The nearby Hill of Tara, an ancient ritual site and later the seat of Irish Kings, and the ancient city of Waterford, Ireland’s oldest medieval city, are symbolic of how Ireland’s ancient past is so intertwined with its modern culture.
Castles aren’t just ruined old buildings – although Ireland surely has more than it’s fair share of those – or things to be admired from afar, they are living, breathing monuments to history, and places like Slane Castle are still very much in use and invite travellers in to sit in the rooms once used by royalty themselves.
In towns like Kilkenny and Waterford you can walk down a street filled with modern international shops and turn a corner to find yourself walking down a narrow medieval lane lined with a wall built by Vikings, or at a church or fortification built by the Normans.
Every stone tells a story of the monastic or farming settlements these cities used to be, of ancient battles won and lost, of the Viking raiders that moored there and became Kings and rulers, of Norman and Roman invaders and of course, of Fairies, Leprechauns and Banshees!
But Ireland is so much more than it’s ancient past, it isn’t just tales of demi gods and legendary creatures, mythical monuments, Gaelic Warrior poets and viking kings that make up the tapestry that fills Ireland’s Ancients East. The Storytellers of Ireland also celebrate the lives of ordinary Irish men and women.
Ordinary people whose lives shaped extraordinary events and tales open up a window to an amazing history, making the destination more relatable to travellers.
Stories like those of Sergeant Michael O’Leary of Abbeyleix, who defeated 10 Germans in World War II and became a propaganda hero for the war effort, or Jeremiah Burke, who threw a message in a bottle to his homeland Ireland from the ill fated Titanic, or even Kevin ‘McCoillte’ Woods of Carlingford, Ireland’s last Leprechaun Whisperer.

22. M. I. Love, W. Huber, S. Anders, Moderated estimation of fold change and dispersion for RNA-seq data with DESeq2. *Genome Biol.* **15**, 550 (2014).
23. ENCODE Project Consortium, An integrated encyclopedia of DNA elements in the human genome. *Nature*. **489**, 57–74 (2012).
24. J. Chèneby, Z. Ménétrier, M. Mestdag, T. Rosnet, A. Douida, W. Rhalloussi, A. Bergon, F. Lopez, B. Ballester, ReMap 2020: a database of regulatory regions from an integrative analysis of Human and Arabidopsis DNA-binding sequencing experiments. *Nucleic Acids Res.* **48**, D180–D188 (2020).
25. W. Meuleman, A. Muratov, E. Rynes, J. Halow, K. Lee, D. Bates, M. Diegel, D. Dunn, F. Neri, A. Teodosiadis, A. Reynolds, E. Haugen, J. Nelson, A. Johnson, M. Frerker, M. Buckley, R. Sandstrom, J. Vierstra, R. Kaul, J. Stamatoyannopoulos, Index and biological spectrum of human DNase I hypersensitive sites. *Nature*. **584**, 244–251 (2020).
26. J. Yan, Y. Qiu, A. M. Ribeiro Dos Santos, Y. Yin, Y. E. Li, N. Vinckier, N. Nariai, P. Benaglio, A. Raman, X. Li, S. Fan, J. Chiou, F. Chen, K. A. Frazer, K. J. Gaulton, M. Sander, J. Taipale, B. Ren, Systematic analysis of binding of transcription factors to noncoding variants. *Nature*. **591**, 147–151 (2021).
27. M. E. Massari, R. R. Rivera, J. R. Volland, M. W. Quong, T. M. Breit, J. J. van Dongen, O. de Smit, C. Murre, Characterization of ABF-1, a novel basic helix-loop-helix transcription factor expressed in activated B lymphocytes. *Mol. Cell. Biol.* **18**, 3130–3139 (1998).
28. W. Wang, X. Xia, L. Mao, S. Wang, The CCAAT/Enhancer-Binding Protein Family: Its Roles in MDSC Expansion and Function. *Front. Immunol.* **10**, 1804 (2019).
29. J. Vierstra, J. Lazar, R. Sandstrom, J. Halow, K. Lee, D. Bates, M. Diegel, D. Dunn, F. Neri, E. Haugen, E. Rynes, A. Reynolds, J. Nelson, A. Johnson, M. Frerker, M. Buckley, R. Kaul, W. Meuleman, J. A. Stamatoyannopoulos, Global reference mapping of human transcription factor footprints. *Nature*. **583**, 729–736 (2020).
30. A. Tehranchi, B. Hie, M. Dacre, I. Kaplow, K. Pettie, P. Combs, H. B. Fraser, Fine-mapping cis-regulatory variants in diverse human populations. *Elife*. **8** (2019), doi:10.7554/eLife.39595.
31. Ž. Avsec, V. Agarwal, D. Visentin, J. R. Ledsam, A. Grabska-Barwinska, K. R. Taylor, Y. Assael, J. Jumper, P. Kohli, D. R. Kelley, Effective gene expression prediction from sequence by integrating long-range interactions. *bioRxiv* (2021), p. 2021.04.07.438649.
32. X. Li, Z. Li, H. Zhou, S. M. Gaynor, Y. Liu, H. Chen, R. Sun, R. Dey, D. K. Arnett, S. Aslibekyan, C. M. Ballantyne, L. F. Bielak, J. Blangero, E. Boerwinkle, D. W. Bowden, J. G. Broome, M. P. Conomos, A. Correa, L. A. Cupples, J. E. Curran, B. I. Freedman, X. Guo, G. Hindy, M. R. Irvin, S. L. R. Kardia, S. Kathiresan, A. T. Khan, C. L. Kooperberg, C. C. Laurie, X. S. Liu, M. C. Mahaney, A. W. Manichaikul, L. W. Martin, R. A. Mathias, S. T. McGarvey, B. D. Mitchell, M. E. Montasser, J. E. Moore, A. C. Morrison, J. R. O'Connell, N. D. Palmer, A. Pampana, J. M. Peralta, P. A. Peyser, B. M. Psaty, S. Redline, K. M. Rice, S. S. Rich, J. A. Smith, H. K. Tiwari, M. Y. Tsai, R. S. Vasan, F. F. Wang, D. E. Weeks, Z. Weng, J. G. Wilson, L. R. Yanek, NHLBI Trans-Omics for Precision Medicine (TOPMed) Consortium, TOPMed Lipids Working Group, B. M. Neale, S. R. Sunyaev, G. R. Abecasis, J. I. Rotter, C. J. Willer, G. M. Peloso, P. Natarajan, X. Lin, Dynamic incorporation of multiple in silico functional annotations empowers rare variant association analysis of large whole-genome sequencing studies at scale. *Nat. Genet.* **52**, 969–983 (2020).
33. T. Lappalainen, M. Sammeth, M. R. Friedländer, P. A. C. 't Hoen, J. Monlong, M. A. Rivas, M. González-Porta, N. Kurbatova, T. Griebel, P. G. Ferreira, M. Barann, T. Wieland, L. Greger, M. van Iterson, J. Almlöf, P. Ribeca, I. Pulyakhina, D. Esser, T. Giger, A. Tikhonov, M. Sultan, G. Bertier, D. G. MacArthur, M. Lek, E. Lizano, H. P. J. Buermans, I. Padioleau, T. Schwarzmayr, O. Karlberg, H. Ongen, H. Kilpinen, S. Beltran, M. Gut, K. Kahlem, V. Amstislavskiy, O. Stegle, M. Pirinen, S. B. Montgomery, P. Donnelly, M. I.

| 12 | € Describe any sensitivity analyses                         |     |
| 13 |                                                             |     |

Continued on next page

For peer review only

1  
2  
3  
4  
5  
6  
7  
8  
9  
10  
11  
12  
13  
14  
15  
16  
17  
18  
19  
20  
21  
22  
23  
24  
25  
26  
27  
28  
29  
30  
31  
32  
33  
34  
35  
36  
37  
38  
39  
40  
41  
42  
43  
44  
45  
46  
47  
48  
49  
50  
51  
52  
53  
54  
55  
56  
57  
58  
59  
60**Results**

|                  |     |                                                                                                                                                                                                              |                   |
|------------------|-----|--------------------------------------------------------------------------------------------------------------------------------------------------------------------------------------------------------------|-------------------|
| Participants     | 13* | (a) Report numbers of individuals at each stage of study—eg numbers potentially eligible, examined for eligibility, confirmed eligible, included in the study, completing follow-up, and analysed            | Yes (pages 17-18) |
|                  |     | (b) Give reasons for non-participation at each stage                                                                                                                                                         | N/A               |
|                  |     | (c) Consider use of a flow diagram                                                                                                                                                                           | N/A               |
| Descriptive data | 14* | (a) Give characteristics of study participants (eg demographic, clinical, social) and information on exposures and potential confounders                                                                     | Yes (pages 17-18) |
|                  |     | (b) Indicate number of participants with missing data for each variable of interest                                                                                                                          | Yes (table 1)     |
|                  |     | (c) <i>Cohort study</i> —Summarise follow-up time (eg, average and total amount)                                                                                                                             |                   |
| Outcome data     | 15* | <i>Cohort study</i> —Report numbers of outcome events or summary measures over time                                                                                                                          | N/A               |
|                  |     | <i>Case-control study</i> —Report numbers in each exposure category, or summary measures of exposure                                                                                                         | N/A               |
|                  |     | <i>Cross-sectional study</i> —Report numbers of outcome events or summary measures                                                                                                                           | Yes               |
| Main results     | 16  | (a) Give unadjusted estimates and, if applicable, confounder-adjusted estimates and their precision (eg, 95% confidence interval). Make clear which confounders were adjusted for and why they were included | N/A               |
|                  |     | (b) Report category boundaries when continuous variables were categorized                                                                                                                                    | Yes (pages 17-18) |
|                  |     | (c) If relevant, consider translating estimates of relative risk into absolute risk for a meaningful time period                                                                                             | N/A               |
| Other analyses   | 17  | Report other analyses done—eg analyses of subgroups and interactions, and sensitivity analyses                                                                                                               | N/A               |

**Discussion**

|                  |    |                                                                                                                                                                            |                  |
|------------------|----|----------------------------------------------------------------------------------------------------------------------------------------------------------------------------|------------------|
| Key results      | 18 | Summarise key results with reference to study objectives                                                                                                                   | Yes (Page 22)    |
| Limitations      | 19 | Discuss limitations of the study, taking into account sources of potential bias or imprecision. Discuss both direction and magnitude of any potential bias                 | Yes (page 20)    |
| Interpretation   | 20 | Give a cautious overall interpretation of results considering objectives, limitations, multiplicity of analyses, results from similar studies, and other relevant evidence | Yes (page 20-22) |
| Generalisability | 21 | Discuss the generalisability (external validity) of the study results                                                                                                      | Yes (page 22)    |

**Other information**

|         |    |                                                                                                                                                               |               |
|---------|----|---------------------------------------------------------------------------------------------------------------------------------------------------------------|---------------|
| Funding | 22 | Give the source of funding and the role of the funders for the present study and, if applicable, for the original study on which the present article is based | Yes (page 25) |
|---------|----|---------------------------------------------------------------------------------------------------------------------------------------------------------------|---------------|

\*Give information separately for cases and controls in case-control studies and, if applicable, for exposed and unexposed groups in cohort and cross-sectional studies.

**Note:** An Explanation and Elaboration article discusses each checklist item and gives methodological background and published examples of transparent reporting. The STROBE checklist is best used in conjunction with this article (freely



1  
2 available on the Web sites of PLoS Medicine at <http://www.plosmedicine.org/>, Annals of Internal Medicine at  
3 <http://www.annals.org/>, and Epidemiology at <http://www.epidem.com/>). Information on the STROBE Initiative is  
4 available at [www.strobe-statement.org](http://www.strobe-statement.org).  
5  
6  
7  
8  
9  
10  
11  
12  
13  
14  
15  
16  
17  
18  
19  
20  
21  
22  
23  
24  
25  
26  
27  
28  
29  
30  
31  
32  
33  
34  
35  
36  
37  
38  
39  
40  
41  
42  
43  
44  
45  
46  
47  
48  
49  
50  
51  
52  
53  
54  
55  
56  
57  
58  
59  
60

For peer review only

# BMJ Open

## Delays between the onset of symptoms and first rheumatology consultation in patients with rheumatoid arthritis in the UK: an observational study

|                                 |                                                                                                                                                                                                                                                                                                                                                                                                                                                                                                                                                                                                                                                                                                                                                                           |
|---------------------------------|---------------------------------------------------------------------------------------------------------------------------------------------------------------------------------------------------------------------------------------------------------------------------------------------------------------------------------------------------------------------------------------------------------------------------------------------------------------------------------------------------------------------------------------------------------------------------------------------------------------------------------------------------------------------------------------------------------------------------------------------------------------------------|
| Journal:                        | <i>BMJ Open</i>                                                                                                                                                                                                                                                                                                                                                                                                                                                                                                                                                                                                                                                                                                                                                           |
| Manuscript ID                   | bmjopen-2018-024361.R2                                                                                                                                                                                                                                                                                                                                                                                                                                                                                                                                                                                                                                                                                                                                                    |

Travellers can head to bars like the Kytellers Inn to hear storytellers tell tales of the Witch of Kilkenny, who fled to England to leave her maid to burn at the stake in her stead as an accomplice. Or stories of Irish nobility with the Conynghams of Slane Castle, an old family with links to the Royal Family who brought everyone from U2 and Queen to Bowie and Guns & Roses to create the biggest concerts Ireland had ever seen.
Bringing the travel experience to life.
Without these stories, without these links to Irelands myth, legends and tales of the past, travellers can only ever get a snapshot of the places they are visiting, a view of each destination that is stereotypical and amorphous, nothing more than the picture postcard Instagram shot of the main tourist site.
Stories are essential to bring the past to life, to give the experience of visiting a place meaning.
This is exactly why I love really delving into the history, the myth and the legend of the places I visit and I hope reading this inspires other travellers to do the same.
So come to Ireland’s Ancient East for a short break or an extended trip and discover a land full of legends and stories, find a deeper understanding of the amazing experiences that Ireland has to offer and really delve into the cultural myths of this ancient Celtic country.
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This article was written in partnership with Ireland’s Ancient East and TBEX. The views and opinions expressed are entirely the authors own based on personal experiences when travelling and are honest and factual without any bias.